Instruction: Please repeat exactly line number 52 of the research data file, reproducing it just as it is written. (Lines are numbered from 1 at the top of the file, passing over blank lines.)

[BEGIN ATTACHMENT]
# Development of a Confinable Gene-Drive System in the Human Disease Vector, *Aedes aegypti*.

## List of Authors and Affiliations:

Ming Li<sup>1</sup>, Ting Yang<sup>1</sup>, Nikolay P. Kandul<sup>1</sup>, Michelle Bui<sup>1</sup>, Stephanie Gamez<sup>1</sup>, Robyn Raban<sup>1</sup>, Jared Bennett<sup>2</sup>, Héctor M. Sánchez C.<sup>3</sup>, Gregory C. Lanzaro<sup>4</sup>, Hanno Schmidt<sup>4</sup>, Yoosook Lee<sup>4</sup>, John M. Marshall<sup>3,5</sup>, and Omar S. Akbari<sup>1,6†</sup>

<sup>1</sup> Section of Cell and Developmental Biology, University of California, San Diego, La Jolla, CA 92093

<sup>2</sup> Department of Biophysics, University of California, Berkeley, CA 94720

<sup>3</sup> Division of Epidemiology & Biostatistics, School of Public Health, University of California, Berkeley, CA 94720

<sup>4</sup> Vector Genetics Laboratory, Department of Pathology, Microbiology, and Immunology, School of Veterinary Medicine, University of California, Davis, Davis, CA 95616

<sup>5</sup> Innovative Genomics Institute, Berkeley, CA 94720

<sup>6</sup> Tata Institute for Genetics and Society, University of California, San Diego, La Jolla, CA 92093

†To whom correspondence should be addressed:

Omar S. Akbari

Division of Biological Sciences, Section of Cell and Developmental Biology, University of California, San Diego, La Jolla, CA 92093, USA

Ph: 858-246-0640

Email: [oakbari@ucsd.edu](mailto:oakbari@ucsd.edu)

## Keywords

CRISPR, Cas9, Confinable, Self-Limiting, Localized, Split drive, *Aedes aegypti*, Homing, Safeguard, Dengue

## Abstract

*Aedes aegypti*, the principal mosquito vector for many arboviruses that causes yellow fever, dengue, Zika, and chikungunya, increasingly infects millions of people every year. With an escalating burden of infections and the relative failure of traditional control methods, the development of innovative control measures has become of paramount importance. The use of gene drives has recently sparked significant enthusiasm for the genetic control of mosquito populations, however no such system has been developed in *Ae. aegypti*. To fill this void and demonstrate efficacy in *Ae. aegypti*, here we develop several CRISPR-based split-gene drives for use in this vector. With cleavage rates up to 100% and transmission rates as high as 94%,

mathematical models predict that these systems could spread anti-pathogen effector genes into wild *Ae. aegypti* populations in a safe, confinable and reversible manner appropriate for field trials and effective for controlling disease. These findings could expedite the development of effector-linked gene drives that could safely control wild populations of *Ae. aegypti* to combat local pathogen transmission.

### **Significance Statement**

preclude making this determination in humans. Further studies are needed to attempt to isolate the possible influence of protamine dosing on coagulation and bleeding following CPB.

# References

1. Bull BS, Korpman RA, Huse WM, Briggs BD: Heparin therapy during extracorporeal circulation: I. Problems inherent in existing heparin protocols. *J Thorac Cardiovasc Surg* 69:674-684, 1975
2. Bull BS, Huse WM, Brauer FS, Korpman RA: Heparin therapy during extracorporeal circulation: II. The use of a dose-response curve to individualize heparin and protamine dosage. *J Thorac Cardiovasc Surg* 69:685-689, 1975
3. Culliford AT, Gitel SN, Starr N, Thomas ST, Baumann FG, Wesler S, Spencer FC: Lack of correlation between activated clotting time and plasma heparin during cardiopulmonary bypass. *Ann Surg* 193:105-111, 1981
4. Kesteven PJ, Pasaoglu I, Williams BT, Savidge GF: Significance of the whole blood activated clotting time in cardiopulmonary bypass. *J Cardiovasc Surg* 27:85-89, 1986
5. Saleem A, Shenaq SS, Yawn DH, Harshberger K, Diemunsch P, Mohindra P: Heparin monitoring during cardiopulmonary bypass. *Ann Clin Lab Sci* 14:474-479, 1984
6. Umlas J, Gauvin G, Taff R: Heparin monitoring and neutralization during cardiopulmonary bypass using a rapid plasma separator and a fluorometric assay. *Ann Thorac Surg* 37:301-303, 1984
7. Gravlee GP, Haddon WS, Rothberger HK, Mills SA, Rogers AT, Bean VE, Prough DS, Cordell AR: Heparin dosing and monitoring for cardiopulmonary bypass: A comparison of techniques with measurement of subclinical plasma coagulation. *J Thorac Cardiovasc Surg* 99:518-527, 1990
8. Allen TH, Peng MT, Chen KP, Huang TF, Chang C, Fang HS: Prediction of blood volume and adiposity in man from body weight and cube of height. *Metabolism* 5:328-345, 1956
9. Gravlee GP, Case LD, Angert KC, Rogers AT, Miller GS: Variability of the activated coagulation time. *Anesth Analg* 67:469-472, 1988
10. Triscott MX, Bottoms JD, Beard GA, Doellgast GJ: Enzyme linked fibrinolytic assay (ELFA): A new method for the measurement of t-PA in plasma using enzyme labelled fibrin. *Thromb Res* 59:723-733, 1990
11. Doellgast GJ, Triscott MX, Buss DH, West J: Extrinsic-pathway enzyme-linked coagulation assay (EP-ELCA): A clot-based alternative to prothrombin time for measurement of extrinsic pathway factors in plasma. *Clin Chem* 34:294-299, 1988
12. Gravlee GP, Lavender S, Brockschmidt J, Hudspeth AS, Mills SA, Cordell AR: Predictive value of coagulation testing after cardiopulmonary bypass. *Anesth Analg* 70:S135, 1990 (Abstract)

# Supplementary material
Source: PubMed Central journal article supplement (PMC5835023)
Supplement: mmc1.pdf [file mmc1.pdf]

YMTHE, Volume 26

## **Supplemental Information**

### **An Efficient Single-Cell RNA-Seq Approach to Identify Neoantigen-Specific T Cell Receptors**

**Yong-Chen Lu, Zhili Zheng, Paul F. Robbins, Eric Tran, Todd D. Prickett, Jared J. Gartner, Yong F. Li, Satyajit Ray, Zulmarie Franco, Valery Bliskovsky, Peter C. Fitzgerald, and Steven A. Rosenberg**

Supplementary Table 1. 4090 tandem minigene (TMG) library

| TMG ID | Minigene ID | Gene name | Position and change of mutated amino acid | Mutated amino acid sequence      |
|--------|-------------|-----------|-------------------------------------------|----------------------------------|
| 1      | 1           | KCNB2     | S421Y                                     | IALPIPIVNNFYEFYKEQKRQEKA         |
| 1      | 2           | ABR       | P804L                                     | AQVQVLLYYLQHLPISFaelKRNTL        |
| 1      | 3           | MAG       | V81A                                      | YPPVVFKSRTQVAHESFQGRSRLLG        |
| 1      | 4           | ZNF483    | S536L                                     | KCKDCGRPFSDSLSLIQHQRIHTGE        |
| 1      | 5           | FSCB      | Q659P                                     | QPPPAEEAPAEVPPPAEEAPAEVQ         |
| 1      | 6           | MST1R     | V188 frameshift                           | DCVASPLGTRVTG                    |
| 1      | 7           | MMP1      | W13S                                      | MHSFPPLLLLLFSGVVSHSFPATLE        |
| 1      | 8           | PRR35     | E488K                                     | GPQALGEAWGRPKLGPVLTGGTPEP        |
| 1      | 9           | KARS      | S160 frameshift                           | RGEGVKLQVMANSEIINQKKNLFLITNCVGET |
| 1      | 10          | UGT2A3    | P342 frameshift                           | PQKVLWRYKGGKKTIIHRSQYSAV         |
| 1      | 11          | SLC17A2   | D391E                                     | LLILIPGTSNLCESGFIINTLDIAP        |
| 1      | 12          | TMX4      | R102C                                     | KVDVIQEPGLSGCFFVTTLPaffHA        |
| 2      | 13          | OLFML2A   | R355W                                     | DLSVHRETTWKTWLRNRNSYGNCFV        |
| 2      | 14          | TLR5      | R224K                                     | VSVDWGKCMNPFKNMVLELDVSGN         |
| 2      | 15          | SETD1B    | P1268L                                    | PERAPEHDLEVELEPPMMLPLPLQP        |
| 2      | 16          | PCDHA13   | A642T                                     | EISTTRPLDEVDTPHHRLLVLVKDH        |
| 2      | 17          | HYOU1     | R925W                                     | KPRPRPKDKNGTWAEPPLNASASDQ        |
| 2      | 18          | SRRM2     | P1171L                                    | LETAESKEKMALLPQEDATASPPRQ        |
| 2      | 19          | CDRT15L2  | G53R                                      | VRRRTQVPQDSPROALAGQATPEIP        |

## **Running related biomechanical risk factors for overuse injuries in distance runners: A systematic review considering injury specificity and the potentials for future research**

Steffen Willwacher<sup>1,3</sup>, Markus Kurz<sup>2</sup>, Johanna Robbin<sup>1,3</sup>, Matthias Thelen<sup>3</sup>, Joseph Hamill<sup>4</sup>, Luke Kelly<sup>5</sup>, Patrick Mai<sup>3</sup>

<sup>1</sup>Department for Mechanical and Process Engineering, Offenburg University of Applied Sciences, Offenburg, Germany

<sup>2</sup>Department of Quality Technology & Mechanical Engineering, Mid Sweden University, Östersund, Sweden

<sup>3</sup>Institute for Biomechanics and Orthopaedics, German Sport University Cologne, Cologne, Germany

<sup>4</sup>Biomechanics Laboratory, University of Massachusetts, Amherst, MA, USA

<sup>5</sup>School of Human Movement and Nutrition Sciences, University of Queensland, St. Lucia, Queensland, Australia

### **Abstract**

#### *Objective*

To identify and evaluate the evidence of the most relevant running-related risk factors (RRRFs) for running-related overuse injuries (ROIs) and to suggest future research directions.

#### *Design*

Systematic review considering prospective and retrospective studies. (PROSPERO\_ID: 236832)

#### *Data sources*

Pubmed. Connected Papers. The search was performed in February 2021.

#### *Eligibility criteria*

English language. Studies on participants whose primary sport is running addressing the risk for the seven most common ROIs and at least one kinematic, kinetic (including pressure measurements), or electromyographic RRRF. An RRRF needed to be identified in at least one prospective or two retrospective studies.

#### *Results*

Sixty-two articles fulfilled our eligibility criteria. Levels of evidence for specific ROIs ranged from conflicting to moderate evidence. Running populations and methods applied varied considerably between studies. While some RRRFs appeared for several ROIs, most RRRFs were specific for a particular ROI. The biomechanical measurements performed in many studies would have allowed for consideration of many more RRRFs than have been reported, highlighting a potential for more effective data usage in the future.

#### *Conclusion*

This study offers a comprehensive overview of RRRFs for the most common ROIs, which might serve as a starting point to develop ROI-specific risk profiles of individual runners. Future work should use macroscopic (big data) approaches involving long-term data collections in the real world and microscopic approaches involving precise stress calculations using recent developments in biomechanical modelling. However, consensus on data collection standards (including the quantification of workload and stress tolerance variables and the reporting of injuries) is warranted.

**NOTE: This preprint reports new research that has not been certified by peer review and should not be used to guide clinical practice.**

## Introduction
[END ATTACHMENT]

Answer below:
| 1      | 8           | PRR35     | E488K                                     | GPQALGEAWGRPKLGPVLTGGTPEP        |